Sometimes the simplest solution is the best. If you need to carry a few tools around, an open-top toolbox is great, especially if you are a visual person and need to see things for them to exist. Plumbers love these boxes, as pipe wrenches are long and awkward to carry. I just laid out a few tools I knew I wanted to carry in this box, and made up a plan.
I wanted to build something that would carry a saw or two, a level, a few chisels, and a what-have-you or two. The size of your box is your call; I made mine long enough to hold lengthier tools. The method is the same, irrespective of the length of your toolbox.
- 6′ 1×10 clear pine
- 6′ 1×6 clear pine
- 2-4′ of 1 1/4” diameter dowel
- Wood glue
- 35-40 1 1/4” #6 wood screws
- Pilot drill bit and countersink for #6 screws
- Cordless drill
- Phillips screwdriver bit
- Bit brace
- 1 1/4” auger bit
- Japanese pull saw
- 120-grit sandpaper
- Small block plane
- Wood putty (optional)
- Varnish (optional)
There are only six pieces of wood in your toolbox: a bottom piece, two sidepieces, two end pieces, and a dowel for your handle.
Pick good, clean boards. Sometimes you’ll need to pick through the pile to get a good board without large knots (little ones are fine, they add character). You want nice, clean edges, so take care in transport.
Choose the size of your box. I decided to make the interior length of my box 36” so it would hold some longer tools like a handsaw, level, etc. I laid out the tools I wanted to put in the toolbox to assure they’d fit.
Make sure your lumber is square. Not all lumber has square ends, and if something’s a little off, it’ll show up during construction. Using a t-square, mark a fresh line an inch or so from the ends of the board and trim off. You don’t have to do this, but it’s not a bad habit to get into, especially when you see what happens when you’re fitting your last board and realize there’s an 1/8” gap where there shouldn’t be.
Measure and cut your pieces. I made the interior dimensions of the box 36″. Since the bottom and sides of the box will be capped by the end pieces, I cut them all at 36”. You will need two pieces of 1×6 and a single 1×10. Mark them with your square and cut.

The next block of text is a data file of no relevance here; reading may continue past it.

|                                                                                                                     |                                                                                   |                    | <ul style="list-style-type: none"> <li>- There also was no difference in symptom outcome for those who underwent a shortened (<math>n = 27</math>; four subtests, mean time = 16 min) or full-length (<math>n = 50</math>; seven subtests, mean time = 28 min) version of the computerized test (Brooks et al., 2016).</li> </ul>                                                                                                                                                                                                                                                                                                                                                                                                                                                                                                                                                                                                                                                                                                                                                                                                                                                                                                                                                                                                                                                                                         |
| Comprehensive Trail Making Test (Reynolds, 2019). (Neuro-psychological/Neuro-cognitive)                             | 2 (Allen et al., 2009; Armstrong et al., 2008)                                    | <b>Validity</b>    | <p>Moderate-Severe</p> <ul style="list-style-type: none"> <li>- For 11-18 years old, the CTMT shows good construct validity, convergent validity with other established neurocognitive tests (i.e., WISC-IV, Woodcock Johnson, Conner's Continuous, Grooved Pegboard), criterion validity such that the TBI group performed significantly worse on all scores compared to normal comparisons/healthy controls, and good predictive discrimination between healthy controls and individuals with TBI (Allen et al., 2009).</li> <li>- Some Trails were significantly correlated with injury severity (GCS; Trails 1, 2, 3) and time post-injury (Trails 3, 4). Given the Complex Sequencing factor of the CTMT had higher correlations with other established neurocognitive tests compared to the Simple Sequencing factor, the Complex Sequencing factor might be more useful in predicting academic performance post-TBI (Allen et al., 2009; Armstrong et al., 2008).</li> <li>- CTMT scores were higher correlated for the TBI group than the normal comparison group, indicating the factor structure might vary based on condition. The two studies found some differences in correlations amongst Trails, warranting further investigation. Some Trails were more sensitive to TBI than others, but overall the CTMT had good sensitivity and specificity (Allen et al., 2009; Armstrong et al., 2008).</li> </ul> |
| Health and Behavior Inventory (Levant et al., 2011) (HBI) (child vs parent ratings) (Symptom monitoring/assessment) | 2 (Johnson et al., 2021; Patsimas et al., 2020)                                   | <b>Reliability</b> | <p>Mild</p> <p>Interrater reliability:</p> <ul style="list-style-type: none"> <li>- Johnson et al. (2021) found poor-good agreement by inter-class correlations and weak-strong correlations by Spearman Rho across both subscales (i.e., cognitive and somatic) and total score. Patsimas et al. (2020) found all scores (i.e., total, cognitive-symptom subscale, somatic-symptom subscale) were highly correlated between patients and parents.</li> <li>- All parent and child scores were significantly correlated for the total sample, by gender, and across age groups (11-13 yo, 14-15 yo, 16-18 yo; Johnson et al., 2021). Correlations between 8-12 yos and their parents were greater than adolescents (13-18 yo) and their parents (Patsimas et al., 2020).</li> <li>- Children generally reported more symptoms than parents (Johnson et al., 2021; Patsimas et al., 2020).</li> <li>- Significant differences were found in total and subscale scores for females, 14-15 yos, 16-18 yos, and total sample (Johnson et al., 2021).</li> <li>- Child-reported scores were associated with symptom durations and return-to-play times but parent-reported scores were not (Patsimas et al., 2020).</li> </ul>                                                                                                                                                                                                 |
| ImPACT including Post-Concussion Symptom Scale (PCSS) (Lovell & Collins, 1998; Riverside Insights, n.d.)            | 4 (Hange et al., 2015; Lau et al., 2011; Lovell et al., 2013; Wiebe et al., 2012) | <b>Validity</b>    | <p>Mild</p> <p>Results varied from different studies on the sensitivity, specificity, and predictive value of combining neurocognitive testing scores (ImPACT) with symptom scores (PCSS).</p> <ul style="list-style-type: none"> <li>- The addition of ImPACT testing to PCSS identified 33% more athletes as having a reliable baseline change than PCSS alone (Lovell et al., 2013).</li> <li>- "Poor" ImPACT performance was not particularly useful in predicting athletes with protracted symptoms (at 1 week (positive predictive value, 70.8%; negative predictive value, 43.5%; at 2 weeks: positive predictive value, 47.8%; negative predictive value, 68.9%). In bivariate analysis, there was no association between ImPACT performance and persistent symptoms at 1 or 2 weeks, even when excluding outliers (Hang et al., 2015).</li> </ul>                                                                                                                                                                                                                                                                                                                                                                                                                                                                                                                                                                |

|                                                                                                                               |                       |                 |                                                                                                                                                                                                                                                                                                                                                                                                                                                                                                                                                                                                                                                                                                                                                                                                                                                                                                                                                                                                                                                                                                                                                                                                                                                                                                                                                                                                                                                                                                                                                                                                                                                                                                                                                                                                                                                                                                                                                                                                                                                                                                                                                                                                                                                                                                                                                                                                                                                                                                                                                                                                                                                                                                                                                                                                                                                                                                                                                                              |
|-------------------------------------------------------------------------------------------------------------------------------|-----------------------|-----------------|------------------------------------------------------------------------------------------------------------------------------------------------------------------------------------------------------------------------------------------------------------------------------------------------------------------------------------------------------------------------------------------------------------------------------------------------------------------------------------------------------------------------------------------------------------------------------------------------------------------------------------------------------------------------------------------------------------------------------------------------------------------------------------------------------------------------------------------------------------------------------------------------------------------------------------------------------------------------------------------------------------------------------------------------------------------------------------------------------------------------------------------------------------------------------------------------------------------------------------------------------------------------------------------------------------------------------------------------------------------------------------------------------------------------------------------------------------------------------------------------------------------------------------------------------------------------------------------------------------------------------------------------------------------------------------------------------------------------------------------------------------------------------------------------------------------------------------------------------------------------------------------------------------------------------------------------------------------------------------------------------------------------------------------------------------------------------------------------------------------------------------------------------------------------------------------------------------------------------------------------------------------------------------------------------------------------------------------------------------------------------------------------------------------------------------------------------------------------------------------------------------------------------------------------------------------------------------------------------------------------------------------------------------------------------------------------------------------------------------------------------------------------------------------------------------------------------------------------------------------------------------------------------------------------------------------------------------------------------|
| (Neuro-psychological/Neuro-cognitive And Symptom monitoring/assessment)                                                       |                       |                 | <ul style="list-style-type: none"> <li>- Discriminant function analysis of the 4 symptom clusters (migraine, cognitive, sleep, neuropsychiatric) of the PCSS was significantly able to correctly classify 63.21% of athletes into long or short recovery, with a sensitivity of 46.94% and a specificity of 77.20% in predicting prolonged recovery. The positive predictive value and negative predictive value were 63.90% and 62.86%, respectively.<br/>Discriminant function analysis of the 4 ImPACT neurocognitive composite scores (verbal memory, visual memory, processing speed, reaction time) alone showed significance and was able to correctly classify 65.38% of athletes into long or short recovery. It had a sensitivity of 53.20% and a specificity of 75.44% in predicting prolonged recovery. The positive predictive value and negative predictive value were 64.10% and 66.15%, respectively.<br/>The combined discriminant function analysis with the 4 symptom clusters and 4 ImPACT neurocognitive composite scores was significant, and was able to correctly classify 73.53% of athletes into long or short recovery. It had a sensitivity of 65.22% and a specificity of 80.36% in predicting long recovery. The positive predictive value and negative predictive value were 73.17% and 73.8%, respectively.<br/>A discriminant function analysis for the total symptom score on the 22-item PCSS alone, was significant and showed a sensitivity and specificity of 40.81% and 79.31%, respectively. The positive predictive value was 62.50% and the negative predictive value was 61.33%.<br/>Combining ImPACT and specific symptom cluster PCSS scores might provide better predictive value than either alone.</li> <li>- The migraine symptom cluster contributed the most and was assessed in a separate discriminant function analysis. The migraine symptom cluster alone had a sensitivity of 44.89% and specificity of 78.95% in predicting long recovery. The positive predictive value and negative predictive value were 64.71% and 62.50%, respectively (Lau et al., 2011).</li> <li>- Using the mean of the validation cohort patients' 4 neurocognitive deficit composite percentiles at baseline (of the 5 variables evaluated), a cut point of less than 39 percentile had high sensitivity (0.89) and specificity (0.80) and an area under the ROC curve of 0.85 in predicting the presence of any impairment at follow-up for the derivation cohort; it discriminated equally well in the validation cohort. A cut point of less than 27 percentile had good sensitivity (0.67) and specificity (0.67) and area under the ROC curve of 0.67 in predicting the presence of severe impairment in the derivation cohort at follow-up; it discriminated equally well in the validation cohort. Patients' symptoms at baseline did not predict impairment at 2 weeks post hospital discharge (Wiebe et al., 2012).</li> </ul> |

Design and cut your end pieces. Measure 6 1/4” from the bottom of your 1×10 and mark that spot on both sides of the board.
If you do not have a brace and bit you can use a cordless drill and a 1 1/4” spade bit, but you will have less control. If you do go this route, remember to stop halfway through, turn the board over and finish the bore from the backside so the wood won’t splinter.
All that’s left to do is fasten the bottom piece to the side pieces. The number of screws you use is related to the length of the toolbox. Same technique: 3/8″ from the edge, measured with your square. Drill and countersink a hole every 6 or 8 inches. I wasn’t precise because it doesn’t matter to me, but feel free to be if you want to. Watch for appropriate squeeze out.
Another option is to finish the box. Since this isn’t sitting in the rain somewhere, it didn’t matter to me. I did decide to wipe the outside down with a Danish oil finish that penetrates the wood, but again, that’s optional. If I were giving this to someone as a gift, I probably would seal it somehow. Use varnish if you want the wood to show, or your favorite color paint if you want something a little colorful. Either way, in 30 years it will have a glorious patina.
Last updated: November 27, 2017